Simone Scheurer/Pipe Dream Photographer BU senior Daniel Wang sits in the Marketplace. The economics major created The Rice Guys to bring Asian food to the University.

Through a student’s efforts, homemade Asian food has recently come to Binghamton University. The Rice Guys, a Japanese rice ball delivery service founded and run by BU students, began serving the community in September 2016. Traditionally called onigiri, rice balls are a Japanese snack made of white rice and typically filled with meat or vegetables, compacted in a triangular shape and held together with seaweed. The Rice Guys puts a twist on the simple onigiri recipe by introducing new flavors, ranging from sweet ginger and honey beef to savory shiitake mushrooms.

Daniel Wang, a senior majoring in economics, created The Rice Guys to introduce this type of food to the University with the convenience of on- and off-campus delivery for busy students.

“I always wanted to create something that was more unique and sort of represented Asian culture more,” Wang said.

The vision of The Rice Guys began when Wang started to live off campus, no longer on the BU meal plan. He began making rice balls to bring to campus as an alternative to spending money on University food, though he soon started cooking 10 to 20 a day for other hungry students.

“My friends saw me eating my onigiri and tried some and they really liked it,” Wang said. “They asked if I could make some for them … I started doing that and my friends started to tell their friends, and then I was making them every morning for people.”

Wang ran a test business and called it Onibites. But his vision for his rice ball business became official when he got in contact with BU’s entrepreneurship department of the Innovative Technologies Complex. There, he pitched his idea to the Entrepreneurship and Innovation office staff, who got involved with the project.

“There’s a professor there named Kenneth McLeod who really liked my idea,” Wang said. “He told me it was unique and people would definitely like it here.”

And thus, The Rice Guys was born.

According to Wang, the startup team has students and local adults working as rice ball makers and delivery drivers.

“I idolized entrepreneurs who don’t just create a company, they give back to the community,” Wang said. “So the other goal I had was that I wanted to give jobs to people who need it. [Students] need supplement income and it gives them a chance to learn about business. We also wanted to create jobs for locals who need the part time job to pay rent or help raise their kids.”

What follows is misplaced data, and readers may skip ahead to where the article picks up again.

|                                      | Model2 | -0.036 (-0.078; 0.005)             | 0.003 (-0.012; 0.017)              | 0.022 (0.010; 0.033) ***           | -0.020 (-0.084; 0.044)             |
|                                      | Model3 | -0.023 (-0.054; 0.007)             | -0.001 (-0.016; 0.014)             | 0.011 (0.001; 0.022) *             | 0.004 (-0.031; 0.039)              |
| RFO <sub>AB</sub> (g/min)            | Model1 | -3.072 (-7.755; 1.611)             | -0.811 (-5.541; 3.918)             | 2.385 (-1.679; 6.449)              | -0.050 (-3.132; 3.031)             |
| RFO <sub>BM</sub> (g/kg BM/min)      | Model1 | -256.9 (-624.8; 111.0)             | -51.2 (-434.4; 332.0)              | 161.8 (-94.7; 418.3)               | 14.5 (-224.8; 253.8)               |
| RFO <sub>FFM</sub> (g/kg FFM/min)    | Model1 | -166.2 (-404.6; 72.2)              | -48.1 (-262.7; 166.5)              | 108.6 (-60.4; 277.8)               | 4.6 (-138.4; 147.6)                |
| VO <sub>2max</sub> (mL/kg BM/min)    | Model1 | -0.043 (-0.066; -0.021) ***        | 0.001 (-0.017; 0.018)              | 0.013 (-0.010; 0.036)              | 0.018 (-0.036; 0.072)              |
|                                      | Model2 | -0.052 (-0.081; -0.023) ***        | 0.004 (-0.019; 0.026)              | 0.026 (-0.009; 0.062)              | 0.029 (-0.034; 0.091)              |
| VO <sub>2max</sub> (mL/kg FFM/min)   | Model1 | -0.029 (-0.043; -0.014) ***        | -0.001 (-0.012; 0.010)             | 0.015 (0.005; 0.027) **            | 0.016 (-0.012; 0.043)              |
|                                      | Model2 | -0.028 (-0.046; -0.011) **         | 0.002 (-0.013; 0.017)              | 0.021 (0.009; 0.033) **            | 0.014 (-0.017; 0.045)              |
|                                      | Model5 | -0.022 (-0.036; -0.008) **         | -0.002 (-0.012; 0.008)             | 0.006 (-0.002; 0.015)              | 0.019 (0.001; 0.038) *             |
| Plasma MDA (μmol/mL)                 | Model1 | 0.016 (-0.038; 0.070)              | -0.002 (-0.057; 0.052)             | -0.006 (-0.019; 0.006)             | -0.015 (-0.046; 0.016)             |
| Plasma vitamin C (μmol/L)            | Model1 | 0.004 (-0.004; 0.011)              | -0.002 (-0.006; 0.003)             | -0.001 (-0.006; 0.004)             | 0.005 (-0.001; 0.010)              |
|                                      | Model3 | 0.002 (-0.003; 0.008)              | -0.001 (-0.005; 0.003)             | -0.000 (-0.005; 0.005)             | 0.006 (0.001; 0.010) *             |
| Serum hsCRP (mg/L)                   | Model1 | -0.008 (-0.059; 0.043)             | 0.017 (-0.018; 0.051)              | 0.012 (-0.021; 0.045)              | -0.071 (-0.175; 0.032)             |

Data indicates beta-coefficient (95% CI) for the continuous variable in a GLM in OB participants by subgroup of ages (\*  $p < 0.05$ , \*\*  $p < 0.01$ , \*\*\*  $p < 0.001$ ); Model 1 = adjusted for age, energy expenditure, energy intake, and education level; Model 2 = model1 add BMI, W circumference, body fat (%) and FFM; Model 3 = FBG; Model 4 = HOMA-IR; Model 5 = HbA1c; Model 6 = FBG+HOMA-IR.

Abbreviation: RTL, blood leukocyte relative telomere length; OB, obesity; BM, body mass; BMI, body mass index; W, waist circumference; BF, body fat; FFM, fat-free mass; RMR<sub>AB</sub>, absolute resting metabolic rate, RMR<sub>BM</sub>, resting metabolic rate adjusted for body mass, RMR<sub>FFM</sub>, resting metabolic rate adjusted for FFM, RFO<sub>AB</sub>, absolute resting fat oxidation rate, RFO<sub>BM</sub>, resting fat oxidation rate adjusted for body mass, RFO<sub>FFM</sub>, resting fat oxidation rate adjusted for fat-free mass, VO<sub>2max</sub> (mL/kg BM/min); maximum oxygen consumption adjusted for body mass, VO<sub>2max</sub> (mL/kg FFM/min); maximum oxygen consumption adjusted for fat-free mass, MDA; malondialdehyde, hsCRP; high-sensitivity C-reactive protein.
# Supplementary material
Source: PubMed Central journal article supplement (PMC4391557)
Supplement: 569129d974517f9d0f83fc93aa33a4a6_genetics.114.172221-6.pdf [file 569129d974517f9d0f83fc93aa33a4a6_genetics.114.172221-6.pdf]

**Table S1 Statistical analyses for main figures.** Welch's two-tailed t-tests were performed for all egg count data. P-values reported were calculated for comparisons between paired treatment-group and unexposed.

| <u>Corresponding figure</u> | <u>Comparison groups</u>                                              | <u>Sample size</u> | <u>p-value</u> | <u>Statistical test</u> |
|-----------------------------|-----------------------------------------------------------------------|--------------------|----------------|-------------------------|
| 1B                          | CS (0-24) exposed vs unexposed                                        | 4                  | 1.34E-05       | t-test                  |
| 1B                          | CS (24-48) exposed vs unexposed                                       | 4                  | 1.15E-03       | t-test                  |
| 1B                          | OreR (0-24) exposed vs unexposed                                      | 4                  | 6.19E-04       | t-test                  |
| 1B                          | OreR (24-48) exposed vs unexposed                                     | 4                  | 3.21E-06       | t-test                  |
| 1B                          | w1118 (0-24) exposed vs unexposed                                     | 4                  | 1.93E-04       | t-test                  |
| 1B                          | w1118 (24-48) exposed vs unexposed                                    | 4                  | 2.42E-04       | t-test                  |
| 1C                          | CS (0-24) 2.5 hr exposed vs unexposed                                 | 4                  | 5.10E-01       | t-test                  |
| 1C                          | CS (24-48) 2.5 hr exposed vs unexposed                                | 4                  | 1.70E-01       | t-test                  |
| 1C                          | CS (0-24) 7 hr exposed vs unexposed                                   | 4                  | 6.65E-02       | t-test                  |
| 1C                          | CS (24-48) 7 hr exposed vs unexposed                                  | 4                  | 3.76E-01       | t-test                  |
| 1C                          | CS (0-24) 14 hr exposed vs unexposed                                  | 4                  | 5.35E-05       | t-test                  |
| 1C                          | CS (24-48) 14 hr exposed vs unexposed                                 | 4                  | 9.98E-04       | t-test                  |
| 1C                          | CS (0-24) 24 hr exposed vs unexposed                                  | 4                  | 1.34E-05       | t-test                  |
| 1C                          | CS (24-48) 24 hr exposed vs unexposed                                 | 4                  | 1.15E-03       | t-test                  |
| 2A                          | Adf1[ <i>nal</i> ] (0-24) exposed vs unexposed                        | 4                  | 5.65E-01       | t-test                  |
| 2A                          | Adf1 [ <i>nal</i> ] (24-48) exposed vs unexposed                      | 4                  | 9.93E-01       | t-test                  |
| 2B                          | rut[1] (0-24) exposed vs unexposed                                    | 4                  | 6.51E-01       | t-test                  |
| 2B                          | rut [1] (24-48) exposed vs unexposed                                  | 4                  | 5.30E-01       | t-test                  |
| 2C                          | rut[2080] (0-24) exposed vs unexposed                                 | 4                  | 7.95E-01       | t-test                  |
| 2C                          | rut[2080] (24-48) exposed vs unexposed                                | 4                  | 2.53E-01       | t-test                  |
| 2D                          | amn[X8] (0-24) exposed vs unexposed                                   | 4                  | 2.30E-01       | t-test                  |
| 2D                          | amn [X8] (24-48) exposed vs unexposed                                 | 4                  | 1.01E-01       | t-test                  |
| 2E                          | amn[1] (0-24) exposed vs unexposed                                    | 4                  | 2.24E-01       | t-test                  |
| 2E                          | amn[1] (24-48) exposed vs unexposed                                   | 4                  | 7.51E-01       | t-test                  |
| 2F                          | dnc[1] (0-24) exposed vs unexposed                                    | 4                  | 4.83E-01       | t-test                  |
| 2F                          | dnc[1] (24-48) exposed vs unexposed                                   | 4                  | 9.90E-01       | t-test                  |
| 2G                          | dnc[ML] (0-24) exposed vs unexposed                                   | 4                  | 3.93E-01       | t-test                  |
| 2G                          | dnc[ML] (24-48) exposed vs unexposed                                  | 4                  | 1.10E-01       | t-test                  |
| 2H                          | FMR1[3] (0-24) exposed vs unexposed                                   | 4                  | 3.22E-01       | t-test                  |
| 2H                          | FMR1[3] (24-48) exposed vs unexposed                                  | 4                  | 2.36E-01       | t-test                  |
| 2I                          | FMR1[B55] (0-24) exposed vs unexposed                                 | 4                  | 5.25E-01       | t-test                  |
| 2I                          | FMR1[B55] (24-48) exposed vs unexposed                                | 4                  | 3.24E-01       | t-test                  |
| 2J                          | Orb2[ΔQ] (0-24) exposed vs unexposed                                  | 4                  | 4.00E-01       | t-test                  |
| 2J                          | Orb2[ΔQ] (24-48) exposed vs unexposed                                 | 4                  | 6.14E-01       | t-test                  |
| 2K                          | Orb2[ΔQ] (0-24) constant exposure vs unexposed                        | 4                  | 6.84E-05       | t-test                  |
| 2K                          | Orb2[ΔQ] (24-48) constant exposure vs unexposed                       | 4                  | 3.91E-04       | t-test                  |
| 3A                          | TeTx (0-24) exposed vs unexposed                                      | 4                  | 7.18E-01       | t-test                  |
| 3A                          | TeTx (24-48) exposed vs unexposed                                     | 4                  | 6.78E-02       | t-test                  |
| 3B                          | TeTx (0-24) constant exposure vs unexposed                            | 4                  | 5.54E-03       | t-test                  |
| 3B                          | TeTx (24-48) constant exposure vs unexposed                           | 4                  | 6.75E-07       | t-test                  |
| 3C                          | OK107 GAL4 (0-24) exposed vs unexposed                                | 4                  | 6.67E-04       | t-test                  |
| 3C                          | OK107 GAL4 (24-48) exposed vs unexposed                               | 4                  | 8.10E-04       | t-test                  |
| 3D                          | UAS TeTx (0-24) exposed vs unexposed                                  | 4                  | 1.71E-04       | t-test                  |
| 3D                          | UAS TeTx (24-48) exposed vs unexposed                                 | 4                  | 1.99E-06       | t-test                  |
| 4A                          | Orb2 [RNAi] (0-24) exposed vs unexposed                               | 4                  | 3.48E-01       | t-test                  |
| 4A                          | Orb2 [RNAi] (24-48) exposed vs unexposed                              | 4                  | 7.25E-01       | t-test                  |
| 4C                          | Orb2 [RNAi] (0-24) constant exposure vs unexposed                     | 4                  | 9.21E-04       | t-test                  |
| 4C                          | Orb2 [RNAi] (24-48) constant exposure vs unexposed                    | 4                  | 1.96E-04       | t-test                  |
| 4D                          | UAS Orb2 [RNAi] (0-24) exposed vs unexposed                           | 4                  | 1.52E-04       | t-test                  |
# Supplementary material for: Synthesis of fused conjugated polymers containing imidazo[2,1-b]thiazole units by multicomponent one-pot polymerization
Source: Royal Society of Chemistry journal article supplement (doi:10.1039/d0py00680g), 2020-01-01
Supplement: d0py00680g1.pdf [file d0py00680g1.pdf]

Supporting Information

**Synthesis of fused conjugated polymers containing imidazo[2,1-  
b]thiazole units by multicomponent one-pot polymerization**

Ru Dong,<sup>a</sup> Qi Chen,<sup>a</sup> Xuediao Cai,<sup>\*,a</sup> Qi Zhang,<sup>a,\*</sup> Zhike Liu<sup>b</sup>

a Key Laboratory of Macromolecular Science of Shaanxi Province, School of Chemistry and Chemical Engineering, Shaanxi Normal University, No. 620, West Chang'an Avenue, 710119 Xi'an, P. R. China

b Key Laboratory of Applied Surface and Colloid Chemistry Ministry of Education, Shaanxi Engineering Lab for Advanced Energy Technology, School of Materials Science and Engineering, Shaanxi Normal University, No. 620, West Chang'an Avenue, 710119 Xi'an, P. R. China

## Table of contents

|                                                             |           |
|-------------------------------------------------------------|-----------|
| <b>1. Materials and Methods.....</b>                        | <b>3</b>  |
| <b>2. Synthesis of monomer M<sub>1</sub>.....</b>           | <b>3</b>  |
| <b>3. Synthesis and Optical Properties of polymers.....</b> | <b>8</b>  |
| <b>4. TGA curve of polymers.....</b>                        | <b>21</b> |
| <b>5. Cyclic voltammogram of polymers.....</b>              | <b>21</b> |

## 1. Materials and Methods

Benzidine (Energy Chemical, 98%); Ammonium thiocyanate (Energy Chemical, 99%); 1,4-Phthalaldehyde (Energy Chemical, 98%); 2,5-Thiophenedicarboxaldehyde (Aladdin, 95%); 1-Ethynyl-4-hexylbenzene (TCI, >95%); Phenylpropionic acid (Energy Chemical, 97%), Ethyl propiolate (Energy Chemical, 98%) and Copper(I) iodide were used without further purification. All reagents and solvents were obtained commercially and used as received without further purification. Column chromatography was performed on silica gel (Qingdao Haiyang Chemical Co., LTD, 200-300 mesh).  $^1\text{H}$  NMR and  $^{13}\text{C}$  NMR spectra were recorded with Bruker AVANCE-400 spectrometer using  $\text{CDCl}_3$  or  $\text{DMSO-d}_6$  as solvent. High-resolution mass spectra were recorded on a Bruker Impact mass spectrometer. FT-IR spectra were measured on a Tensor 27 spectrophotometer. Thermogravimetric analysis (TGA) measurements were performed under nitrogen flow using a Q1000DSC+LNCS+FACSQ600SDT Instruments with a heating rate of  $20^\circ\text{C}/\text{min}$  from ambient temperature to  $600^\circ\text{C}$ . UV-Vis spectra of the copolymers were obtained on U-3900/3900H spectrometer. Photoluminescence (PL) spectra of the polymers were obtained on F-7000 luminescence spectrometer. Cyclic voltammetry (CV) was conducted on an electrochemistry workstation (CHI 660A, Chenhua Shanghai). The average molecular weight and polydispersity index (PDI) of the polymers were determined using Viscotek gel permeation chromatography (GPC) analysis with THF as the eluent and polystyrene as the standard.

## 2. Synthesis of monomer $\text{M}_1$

The Rice Guys isn’t just an ordinary food delivery service — the business takes pride in their emphasis on homemade food, especially since the original onigiri recipe dates all the way back to Wang’s childhood.

“Rice balls were things my mom always made for me,” Wang said. “I took my mom’s recipe and emphasized the taste more because we wanted the recipe to be more flavorful.”

The menu mainly focuses on its specialized onigiri, which includes different meats like teriyaki chicken, slow-cooked beef or braised pork. Besides this, however, there’s also an option for onibowls. These have the elements of a rice ball, but aren’t compacted into the traditional triangular shape.

Despite the stress and uncertainty that can accompany creating a startup as a college student, Wang says that The Rice Guys is a fulfilling experience.

“The thing about starting your own business is that everything you do or everything you make and create is sort of like a part of you,” Wang said. “Even though we’re just making rice balls and we’re not making the next Uber, it’s still very fulfilling to create something that other people find value in.”

In regards to aspiring student entrepreneurs that also dream of creating their own startup, Wang believes that the hard work and the inevitable hardships really pay off in the long run.

“If you have an idea, just do it,” Wang said. “I spent many hours thinking, ‘What if I do this?’ or, ‘Is this going to work?’ But you never really know until you do it. Just go for it.”

As of now, The Rice Guys only offers catering and group order services until further notice, as they are in the process of creating a flagship store — a dream Wang has always envisioned. Facebook updates will be used to inform students when the business is running as usual again. Wang plans to continue The Rice Guys throughout his college career and after graduation, and he hopes to branch out to other neighboring college cities, including Syracuse and Ithaca, in the future.